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Peggy Noonan–my Athena

Posted by GayPatriotWest at 9:10 pm - April 29, 2005.
Filed under: Mythology and the real world

Peggy Noonan‘s latest column reminds me yet again why I call her my Athena. The Greek goddess of war, handicrafts, industry and skill, Athena sprung fully formed–and fully armed–from the head of her father Zeus, king of the gods, whose favorite she was. In some tellings, Athena was born only after Zeus swallowed his pregnant first wife, Metis, goddess of wisdom, thus making his favorite child an incarnation of wisdom.

Peggy Noonan also incarnates a certain wisdom. Like Athena, she is a hawk. A speechwriter for Ronald Reagan, she penned an excellent memoir of her White House days, What I saw at the Revolution: A Political Life in the Reagan era. The book’s eighth chapter, “Who Was That Masked Man?” as well her her 2001 besteller, When Character was King: A Story of Ronald Reagan, capture the essence of the Gipper.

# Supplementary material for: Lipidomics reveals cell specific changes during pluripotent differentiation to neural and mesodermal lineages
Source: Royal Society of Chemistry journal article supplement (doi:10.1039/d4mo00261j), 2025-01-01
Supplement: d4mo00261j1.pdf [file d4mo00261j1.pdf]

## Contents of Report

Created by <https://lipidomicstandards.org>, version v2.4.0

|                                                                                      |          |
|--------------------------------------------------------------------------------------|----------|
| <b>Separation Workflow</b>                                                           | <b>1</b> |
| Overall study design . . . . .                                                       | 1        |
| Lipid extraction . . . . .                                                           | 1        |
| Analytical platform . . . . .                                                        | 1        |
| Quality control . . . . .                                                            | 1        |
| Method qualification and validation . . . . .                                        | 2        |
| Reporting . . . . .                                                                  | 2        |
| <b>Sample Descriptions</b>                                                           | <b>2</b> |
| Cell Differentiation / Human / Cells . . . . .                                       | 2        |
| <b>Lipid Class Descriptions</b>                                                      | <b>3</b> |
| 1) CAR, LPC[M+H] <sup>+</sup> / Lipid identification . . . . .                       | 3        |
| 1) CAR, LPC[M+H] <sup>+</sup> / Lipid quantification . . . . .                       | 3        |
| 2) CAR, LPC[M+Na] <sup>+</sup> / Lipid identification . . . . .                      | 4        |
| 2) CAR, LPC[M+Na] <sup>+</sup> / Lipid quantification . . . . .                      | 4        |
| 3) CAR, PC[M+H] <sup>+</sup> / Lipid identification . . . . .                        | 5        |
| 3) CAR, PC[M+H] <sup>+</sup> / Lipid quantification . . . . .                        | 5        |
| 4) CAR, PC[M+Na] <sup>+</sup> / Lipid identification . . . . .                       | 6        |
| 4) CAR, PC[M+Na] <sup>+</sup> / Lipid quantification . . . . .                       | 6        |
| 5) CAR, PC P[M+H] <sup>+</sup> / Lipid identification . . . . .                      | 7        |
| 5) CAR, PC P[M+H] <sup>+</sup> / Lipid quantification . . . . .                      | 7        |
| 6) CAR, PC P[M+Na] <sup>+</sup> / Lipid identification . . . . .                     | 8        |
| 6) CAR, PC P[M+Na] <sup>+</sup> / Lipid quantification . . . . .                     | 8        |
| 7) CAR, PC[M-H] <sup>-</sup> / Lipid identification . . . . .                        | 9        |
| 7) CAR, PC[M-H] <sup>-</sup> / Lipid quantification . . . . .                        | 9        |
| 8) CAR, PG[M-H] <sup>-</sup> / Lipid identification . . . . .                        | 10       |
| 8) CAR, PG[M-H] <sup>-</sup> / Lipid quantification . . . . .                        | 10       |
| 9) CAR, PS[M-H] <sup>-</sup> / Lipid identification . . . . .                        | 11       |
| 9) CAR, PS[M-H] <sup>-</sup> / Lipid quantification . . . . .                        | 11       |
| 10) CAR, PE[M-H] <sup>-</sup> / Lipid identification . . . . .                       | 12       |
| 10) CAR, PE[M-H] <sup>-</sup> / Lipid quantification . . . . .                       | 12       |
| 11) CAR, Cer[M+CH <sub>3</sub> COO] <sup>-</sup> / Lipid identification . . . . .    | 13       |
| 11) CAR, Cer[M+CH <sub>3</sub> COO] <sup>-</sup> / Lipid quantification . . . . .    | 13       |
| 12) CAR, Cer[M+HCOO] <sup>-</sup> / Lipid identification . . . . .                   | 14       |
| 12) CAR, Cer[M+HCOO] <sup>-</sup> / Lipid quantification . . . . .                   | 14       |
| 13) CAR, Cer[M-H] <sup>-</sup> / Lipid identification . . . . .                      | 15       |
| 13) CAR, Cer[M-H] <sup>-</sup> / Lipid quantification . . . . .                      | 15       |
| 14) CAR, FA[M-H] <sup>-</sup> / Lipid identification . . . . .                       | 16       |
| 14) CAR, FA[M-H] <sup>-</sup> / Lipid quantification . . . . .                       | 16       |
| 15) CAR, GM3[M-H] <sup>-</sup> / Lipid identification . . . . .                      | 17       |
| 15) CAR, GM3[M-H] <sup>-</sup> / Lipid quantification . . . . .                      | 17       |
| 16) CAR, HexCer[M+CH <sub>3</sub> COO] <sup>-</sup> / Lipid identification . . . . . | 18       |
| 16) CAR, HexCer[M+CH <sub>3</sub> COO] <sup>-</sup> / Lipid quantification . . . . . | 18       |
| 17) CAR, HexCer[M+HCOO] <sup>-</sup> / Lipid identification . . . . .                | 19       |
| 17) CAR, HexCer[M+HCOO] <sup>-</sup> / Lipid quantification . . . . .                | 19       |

In her latest column, defending John Bolton, the president’s much (and wrongly) maligned choice for U.N. Ambassador, she notes that Bolton is not the only public figure alleged to have a bad temper. She doesn’t think however that such a bad temper should necessarily disqualify him from service:

Bad temper is a bad thing in a public servant, but it is not the worst thing. Worse is the person who judges all questions as either career-enhancing or career-retarding, who lets the right but tough choice slide if standing for it will make him controversial and therefore a target. Mr. Bolton apparently never does that. Worse is the person who doesn’t really care that the right thing be done, as long he gets his paycheck. That’s not Mr. Bolton either. Worse still is the cynic who is above caring about anything beyond his own concerns. And that isn’t Mr. Bolton either.

Emphasis added. It was that bolded (and italicized) line which reminded me of Peggy’s Athena-qualities.